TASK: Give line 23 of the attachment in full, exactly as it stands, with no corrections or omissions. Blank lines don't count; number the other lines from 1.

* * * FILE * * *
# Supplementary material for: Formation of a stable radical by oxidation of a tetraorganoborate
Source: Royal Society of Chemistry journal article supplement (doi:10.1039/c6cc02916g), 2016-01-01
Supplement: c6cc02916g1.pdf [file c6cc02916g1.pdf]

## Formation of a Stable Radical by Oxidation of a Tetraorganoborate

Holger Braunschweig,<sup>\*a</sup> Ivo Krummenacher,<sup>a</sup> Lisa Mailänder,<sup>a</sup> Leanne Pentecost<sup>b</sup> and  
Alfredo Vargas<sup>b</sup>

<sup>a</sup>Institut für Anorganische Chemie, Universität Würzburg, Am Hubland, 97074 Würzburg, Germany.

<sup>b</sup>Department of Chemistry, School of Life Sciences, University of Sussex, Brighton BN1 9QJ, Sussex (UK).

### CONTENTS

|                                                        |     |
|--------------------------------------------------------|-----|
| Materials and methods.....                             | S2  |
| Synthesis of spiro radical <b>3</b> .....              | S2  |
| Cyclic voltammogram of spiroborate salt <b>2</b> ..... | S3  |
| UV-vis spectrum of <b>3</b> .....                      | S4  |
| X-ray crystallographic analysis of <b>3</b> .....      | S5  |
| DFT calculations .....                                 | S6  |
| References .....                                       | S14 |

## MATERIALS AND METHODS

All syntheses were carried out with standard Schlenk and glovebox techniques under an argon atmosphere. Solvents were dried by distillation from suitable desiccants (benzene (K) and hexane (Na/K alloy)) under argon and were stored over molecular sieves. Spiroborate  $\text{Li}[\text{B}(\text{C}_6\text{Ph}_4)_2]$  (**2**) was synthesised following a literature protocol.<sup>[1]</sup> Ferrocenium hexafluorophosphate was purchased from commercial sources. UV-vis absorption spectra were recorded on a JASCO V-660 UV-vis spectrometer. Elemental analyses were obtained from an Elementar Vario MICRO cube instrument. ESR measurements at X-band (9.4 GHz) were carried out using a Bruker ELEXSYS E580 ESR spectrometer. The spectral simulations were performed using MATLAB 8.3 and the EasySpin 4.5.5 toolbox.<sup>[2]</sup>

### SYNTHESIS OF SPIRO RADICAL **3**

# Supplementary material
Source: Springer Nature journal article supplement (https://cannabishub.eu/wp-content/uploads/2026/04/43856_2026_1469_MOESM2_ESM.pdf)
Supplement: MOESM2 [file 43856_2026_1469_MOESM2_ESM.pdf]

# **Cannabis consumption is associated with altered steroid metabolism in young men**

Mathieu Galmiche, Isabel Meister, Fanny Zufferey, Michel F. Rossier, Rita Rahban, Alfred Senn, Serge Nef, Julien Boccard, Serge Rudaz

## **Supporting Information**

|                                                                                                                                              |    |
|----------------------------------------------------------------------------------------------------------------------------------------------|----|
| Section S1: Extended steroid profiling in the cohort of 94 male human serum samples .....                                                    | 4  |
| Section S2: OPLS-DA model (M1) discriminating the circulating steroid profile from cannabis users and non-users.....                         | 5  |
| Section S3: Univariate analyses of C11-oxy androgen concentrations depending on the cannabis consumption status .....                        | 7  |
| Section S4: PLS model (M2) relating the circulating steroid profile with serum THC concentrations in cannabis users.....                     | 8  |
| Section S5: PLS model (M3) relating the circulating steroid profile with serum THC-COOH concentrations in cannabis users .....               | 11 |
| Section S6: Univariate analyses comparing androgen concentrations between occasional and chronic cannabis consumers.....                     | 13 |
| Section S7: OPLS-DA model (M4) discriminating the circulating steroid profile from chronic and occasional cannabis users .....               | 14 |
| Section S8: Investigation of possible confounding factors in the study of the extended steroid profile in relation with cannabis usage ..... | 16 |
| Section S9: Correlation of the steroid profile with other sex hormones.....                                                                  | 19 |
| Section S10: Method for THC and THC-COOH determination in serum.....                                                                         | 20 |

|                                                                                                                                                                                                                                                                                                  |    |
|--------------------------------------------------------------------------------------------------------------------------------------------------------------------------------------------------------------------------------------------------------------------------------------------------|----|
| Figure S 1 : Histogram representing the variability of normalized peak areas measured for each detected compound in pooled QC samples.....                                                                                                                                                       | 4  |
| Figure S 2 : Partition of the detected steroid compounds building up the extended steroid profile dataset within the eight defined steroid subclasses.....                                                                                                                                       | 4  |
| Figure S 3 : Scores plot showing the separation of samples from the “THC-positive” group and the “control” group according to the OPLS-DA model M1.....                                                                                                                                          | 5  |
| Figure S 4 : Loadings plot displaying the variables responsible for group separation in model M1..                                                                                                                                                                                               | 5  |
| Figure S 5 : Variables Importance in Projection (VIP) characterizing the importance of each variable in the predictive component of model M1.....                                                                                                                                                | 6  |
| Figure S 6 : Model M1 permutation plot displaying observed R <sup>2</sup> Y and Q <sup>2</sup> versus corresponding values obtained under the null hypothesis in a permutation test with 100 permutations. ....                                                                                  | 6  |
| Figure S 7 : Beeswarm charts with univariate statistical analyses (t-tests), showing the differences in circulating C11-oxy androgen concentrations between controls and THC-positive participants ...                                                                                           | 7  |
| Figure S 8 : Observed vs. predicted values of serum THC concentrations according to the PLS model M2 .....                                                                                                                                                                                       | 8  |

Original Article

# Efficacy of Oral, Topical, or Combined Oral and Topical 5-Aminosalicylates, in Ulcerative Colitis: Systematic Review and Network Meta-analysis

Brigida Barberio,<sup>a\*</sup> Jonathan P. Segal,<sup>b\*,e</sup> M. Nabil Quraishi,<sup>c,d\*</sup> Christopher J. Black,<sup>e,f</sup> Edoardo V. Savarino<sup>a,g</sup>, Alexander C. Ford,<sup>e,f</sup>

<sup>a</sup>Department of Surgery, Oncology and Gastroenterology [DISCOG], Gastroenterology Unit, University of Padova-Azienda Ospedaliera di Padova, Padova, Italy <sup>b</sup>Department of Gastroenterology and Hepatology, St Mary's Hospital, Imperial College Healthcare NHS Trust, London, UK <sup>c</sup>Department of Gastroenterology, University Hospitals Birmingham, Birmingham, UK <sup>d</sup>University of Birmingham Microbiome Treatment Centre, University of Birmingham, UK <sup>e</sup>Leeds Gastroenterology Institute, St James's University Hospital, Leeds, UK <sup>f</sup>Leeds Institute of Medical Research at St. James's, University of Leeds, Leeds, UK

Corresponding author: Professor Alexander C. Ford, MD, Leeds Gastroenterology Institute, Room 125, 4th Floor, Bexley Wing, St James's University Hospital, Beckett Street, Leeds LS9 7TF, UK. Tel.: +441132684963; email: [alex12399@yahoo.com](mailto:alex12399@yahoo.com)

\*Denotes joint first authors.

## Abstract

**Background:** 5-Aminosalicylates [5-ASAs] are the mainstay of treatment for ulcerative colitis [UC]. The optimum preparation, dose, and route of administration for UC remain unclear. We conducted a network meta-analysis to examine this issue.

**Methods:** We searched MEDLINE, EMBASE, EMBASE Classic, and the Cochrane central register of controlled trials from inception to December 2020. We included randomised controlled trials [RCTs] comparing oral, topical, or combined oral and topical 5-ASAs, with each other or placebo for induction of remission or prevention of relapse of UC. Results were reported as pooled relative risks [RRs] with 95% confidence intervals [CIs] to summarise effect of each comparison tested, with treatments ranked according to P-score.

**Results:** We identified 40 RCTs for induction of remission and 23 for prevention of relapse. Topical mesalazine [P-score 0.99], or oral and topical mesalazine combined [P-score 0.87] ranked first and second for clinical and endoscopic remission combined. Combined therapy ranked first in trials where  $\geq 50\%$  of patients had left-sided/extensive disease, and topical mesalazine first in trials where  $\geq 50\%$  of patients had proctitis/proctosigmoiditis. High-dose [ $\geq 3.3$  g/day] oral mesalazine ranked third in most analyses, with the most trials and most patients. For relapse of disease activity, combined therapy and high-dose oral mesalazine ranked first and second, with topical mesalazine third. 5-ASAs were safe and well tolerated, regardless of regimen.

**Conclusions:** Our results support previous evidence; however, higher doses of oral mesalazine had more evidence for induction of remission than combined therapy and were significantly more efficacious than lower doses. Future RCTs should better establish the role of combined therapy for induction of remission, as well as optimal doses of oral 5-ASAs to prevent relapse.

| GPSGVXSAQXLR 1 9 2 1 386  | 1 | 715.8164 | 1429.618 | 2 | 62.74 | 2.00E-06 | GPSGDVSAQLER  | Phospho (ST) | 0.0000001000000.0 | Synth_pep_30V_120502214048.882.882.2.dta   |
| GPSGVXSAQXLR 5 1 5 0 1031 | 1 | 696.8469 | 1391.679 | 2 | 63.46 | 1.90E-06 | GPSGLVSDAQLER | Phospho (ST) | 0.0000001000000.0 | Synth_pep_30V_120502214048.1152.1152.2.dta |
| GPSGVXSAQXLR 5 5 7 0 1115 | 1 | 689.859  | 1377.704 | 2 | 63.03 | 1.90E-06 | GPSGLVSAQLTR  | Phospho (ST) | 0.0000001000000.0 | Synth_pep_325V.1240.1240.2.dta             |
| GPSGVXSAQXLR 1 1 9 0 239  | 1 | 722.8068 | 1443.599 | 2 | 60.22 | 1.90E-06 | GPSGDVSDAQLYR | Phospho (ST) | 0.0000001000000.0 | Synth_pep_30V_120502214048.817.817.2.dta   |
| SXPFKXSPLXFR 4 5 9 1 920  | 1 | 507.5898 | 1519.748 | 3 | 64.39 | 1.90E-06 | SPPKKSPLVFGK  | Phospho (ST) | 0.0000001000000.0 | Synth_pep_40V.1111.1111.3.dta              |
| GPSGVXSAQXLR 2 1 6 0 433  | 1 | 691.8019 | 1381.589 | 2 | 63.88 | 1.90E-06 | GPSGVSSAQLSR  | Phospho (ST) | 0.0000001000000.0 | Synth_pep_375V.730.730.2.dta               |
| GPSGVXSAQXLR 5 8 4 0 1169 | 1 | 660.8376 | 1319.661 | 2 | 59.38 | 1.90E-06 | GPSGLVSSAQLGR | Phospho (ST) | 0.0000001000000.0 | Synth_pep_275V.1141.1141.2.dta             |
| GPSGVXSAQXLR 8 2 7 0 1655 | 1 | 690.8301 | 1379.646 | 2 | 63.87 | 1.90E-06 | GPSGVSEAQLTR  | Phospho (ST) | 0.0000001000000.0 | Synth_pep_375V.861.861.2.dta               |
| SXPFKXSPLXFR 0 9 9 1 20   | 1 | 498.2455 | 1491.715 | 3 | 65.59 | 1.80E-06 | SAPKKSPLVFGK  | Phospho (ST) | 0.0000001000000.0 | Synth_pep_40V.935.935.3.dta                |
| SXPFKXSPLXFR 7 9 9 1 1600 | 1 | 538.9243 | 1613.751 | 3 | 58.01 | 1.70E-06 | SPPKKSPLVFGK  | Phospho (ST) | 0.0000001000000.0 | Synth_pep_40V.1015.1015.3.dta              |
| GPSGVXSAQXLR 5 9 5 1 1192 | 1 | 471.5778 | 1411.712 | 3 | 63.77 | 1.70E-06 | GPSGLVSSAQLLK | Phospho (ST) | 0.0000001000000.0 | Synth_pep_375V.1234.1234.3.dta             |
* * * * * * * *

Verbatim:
Source: Springer Nature journal article supplement (https://cannabishub.eu/wp-content/uploads/2026/04/43856_2026_1469_MOESM2_ESM.pdf)